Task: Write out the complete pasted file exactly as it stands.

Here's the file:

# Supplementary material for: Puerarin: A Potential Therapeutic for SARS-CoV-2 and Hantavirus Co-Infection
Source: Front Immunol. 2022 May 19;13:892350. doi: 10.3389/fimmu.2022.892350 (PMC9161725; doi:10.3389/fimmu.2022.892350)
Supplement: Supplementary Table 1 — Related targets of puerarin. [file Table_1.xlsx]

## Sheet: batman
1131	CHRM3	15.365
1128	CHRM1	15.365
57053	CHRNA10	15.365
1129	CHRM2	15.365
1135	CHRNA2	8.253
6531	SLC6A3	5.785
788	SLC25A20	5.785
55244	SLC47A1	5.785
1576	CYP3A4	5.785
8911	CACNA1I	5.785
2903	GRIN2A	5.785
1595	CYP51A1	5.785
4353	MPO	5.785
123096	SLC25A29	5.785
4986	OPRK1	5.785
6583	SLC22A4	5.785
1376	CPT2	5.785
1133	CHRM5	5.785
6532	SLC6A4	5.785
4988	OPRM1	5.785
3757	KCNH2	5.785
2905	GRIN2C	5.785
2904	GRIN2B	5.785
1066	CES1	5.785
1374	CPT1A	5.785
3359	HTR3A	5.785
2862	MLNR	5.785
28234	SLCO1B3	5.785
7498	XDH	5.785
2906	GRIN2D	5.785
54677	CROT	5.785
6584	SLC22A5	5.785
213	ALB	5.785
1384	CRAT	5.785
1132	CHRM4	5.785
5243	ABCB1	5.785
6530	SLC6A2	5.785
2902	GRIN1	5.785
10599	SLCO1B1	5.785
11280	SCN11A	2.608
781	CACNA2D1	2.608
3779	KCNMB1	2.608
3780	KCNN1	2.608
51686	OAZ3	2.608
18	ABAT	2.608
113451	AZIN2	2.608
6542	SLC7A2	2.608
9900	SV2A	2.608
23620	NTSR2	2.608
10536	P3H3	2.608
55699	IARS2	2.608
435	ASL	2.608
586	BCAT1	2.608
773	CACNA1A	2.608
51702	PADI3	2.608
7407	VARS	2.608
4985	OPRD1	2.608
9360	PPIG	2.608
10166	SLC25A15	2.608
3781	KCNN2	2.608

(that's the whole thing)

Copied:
# Supplementary material for: Puerarin: A Potential Therapeutic for SARS-CoV-2 and Hantavirus Co-Infection
Source: Front Immunol. 2022 May 19;13:892350. doi: 10.3389/fimmu.2022.892350 (PMC9161725; doi:10.3389/fimmu.2022.892350)
Supplement: Supplementary Table 1 — Related targets of puerarin. [file Table_1.xlsx]

## Sheet: batman
1131	CHRM3	15.365
1128	CHRM1	15.365
57053	CHRNA10	15.365
1129	CHRM2	15.365
1135	CHRNA2	8.253
6531	SLC6A3	5.785
788	SLC25A20	5.785
55244	SLC47A1	5.785
1576	CYP3A4	5.785
8911	CACNA1I	5.785
2903	GRIN2A	5.785
1595	CYP51A1	5.785
4353	MPO	5.785
123096	SLC25A29	5.785
4986	OPRK1	5.785
6583	SLC22A4	5.785
1376	CPT2	5.785
1133	CHRM5	5.785
6532	SLC6A4	5.785
4988	OPRM1	5.785
3757	KCNH2	5.785
2905	GRIN2C	5.785
2904	GRIN2B	5.785
1066	CES1	5.785
1374	CPT1A	5.785
3359	HTR3A	5.785
2862	MLNR	5.785
28234	SLCO1B3	5.785
7498	XDH	5.785
2906	GRIN2D	5.785
54677	CROT	5.785
6584	SLC22A5	5.785
213	ALB	5.785
1384	CRAT	5.785
1132	CHRM4	5.785
5243	ABCB1	5.785
6530	SLC6A2	5.785
2902	GRIN1	5.785
10599	SLCO1B1	5.785
11280	SCN11A	2.608
781	CACNA2D1	2.608
3779	KCNMB1	2.608
3780	KCNN1	2.608
51686	OAZ3	2.608
18	ABAT	2.608
113451	AZIN2	2.608
6542	SLC7A2	2.608
9900	SV2A	2.608
23620	NTSR2	2.608
10536	P3H3	2.608
55699	IARS2	2.608
435	ASL	2.608
586	BCAT1	2.608
773	CACNA1A	2.608
51702	PADI3	2.608
7407	VARS	2.608
4985	OPRD1	2.608
9360	PPIG	2.608
10166	SLC25A15	2.608
3781	KCNN2	2.608